I am totally blessed to get to write for my local paper’s agriculture section–I’m just your average horsey gal, after all! But, I love brainstorming new articles and sharing my stories with the horsey people in my community. Recently, I asked readers to send in questions about unknown equine terms. I thought I’d share this one with you all! If you’ve been around horses for a while you probably already know it. Or maybe your horse has the best feet evahhhh and you’ve never had a conversation with your farrier about his “breakover point.” I’ve had this conversation many times with my farrier since Hot Rod has ring bone. Breakover is super important in managing ringbone! Either way, here’s how I answered Jamie’s question. If you have any other input, let me know!
Happy Trails: Question and Answer Session
I recently switched farriers. The new farrier said my mare’s toes were too long, so he was going to shorten her “breakover.” Can you tell me what this means? I didn’t want to sound ignorant, but I want to know what that is. Thanks. Enjoy the articles! -Jamie S.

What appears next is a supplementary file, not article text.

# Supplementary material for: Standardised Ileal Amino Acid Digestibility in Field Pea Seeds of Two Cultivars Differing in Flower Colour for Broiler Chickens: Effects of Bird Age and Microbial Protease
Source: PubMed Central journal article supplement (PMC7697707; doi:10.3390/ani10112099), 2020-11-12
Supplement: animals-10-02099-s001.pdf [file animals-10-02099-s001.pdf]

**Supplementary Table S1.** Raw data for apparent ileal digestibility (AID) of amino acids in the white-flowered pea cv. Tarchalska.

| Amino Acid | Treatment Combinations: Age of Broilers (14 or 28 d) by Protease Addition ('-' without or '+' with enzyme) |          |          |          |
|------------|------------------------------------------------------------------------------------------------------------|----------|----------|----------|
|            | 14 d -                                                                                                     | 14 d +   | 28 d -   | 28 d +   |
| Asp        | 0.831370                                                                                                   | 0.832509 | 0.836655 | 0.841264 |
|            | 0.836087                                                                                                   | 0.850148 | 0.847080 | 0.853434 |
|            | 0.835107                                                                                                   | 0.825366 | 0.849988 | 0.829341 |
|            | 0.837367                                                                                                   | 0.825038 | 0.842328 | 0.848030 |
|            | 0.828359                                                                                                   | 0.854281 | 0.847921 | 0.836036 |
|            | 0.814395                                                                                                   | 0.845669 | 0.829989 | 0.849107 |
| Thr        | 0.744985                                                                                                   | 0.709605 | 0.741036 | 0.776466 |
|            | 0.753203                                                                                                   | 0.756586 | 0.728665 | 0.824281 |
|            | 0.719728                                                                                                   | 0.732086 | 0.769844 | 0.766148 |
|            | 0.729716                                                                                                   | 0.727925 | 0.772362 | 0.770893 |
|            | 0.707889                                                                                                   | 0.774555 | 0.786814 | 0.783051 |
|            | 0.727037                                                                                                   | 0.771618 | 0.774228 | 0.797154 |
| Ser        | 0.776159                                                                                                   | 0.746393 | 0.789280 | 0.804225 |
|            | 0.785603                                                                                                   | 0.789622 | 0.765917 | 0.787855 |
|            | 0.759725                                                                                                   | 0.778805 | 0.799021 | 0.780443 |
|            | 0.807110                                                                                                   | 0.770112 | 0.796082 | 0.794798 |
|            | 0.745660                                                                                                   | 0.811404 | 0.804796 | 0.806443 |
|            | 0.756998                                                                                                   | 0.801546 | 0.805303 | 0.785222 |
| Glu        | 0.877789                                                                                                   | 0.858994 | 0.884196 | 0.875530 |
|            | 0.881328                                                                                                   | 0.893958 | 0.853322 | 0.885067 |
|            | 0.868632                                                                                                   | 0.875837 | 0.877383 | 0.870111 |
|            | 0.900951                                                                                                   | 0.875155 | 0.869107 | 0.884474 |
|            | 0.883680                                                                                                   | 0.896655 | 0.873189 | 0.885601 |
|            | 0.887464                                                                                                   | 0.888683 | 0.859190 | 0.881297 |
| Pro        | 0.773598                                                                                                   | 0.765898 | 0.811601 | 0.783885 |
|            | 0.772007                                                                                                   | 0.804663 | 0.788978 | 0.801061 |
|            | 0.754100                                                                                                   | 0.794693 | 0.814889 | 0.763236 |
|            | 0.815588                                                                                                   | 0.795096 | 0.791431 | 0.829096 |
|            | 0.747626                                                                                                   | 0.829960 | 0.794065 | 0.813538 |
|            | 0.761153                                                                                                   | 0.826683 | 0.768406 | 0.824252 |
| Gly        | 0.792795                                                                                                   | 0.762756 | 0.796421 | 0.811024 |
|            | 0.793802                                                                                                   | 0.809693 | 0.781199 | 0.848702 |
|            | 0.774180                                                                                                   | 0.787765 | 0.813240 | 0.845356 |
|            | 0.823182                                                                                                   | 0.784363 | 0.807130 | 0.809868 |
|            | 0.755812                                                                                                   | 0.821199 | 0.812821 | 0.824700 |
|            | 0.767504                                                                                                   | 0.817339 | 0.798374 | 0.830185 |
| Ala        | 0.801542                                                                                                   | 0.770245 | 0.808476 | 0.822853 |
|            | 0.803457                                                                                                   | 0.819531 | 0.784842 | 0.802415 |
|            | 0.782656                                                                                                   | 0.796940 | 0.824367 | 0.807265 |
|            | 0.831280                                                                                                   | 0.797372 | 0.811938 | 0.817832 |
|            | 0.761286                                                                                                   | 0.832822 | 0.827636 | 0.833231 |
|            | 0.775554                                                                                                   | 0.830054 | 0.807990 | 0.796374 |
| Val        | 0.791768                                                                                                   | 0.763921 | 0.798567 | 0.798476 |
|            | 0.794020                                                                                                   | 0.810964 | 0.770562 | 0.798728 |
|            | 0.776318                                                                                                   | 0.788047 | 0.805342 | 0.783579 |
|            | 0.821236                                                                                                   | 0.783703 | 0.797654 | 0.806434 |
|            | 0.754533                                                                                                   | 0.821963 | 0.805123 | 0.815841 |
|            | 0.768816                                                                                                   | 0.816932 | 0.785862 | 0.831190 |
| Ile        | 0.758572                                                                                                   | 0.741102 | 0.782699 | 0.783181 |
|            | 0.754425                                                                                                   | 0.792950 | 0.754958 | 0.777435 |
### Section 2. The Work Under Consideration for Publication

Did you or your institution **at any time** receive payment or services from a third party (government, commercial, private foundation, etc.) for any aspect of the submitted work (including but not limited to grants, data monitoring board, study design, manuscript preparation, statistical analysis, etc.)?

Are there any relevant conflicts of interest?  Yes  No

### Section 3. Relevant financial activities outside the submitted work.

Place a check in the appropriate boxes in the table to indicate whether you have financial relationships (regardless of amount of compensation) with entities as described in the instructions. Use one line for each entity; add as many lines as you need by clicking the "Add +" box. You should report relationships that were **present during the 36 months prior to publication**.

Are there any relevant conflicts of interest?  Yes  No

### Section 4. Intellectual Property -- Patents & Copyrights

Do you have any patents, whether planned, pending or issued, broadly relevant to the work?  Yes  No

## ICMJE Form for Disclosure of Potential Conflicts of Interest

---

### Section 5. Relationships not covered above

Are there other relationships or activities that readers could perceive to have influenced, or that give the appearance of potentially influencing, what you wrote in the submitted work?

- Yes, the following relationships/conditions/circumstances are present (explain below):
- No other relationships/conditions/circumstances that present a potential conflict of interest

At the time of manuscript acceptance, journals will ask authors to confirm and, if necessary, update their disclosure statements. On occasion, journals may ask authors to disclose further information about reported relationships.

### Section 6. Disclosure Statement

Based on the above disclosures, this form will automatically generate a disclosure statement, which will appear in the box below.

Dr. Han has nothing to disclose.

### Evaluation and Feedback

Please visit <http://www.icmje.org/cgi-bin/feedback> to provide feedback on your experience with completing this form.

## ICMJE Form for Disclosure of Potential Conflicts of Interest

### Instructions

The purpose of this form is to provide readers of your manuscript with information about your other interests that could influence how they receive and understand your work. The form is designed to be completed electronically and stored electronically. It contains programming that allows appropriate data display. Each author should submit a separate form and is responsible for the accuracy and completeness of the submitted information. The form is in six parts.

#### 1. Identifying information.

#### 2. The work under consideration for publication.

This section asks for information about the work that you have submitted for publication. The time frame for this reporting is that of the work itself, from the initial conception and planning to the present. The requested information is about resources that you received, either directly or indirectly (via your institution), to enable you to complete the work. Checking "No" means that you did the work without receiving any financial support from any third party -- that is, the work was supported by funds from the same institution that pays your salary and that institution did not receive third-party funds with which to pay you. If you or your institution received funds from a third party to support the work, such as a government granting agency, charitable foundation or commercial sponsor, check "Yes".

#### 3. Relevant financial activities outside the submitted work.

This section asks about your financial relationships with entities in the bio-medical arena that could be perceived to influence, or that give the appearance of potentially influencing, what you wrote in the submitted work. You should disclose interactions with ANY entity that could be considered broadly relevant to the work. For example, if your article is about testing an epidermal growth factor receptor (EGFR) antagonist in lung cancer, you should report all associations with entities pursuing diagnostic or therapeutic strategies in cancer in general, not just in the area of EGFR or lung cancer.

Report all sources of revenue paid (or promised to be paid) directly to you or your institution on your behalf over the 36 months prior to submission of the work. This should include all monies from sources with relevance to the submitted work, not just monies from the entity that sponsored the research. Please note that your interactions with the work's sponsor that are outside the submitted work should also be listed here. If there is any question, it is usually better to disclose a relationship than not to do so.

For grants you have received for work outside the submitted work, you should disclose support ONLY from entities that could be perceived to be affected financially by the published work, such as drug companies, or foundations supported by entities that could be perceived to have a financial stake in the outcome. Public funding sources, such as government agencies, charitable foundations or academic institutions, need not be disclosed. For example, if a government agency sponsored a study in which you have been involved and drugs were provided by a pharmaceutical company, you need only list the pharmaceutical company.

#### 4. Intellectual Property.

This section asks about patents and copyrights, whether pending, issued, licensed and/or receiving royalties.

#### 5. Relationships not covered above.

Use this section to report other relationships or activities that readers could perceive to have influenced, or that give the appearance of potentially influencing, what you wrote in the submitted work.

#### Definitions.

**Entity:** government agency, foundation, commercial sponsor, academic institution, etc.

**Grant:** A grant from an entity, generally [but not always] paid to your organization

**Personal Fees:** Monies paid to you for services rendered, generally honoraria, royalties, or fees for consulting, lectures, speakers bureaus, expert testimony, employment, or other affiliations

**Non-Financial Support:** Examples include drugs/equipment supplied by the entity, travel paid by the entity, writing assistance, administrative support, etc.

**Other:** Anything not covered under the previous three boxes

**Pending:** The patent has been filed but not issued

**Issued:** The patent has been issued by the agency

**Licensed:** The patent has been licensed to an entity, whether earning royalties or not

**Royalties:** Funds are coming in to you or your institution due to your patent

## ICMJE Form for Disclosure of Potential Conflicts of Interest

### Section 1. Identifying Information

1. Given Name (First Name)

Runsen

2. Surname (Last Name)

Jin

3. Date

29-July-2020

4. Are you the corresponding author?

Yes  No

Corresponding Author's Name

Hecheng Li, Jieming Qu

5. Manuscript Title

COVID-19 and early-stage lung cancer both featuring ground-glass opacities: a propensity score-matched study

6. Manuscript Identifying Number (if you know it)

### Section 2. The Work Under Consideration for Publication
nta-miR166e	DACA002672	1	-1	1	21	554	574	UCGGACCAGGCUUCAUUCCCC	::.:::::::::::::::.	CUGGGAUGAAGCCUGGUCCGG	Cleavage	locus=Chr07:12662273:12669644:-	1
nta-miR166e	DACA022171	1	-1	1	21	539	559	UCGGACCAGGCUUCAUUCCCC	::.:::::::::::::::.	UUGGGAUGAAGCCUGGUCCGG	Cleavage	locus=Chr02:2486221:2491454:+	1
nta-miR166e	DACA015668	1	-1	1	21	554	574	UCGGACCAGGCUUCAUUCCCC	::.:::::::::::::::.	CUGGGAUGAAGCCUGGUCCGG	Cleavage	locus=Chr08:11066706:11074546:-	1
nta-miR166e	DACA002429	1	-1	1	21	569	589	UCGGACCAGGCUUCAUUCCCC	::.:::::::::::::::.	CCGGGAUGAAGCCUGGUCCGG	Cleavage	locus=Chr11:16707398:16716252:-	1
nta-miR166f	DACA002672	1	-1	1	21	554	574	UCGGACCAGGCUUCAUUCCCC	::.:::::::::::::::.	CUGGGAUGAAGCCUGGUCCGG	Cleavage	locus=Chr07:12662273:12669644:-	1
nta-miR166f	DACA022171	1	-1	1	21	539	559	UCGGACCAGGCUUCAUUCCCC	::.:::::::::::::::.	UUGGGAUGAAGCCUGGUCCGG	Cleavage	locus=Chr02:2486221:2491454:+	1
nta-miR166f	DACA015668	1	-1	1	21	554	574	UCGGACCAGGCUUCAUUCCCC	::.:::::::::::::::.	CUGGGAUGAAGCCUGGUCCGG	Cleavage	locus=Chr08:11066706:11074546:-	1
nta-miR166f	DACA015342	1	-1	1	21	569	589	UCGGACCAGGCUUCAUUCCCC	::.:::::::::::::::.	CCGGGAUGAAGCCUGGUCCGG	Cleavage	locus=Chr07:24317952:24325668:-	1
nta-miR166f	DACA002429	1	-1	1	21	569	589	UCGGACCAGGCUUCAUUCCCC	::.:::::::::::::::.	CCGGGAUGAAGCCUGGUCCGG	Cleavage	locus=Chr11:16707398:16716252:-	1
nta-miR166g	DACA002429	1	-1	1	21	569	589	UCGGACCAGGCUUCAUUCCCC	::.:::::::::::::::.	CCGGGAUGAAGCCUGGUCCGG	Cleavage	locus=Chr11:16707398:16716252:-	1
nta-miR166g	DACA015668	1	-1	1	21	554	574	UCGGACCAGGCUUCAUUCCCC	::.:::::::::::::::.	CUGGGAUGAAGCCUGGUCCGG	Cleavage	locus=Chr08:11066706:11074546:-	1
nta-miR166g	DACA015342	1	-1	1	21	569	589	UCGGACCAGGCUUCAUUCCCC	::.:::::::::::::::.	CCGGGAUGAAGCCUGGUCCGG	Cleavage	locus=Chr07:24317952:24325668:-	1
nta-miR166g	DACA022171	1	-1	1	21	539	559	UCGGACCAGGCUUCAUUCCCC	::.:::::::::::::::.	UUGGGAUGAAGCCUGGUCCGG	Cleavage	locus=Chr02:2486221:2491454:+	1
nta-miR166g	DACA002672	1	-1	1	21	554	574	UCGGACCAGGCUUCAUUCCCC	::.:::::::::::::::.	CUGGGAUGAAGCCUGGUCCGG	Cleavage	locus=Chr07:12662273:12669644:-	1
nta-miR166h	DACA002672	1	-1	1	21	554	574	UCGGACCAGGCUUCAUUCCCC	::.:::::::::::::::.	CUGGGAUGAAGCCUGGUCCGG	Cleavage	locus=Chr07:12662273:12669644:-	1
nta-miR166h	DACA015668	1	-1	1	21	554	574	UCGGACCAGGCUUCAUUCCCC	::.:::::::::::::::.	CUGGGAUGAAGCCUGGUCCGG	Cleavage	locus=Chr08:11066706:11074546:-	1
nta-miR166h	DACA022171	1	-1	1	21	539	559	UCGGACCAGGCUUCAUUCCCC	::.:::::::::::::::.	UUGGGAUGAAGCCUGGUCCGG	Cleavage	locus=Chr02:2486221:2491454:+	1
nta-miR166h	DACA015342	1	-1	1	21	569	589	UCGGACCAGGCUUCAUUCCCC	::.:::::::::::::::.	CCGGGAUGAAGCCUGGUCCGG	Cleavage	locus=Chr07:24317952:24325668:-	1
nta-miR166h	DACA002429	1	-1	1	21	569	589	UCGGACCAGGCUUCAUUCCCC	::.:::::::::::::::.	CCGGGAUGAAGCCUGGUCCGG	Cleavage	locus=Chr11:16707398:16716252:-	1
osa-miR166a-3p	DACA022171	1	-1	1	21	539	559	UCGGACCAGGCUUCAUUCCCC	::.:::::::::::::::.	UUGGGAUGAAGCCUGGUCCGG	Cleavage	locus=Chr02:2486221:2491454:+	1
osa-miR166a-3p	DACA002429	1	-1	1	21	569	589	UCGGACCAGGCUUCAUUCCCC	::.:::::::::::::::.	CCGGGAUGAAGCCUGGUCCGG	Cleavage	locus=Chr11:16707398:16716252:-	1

Thanks, Jamie! I’d be happy to explain what the term “breakover” means. There are so many horsey terms out there! Your new farrier was referring to the very end of your mare’s toe. It’s at this point she pivots her foot and lifts it off the ground when she’s moving, also referred to the “breakover point.” Apparently your farrier thinks her toes are too long, which would make her breakover point well beyond the end of her toe. This can cause issues such as stumbling, tripping, or even soreness. Horses in the wild have short, rounded breakover points that have been naturally worn down. Domestic horses, on the other hand, tend to have longer toes leading to a range of hoof and soundness issues. A skilled, experienced farrier will gradually round a breakover point to a more natural form over several sessions. Sounds like you’re on the right track!
Here’s a diagram to help show you the mechanics of how breakover works! I added some labels to a great diagram from the Atlanta Equine Clinic’s just to help locate the important joints associated with a horse’s breakover point.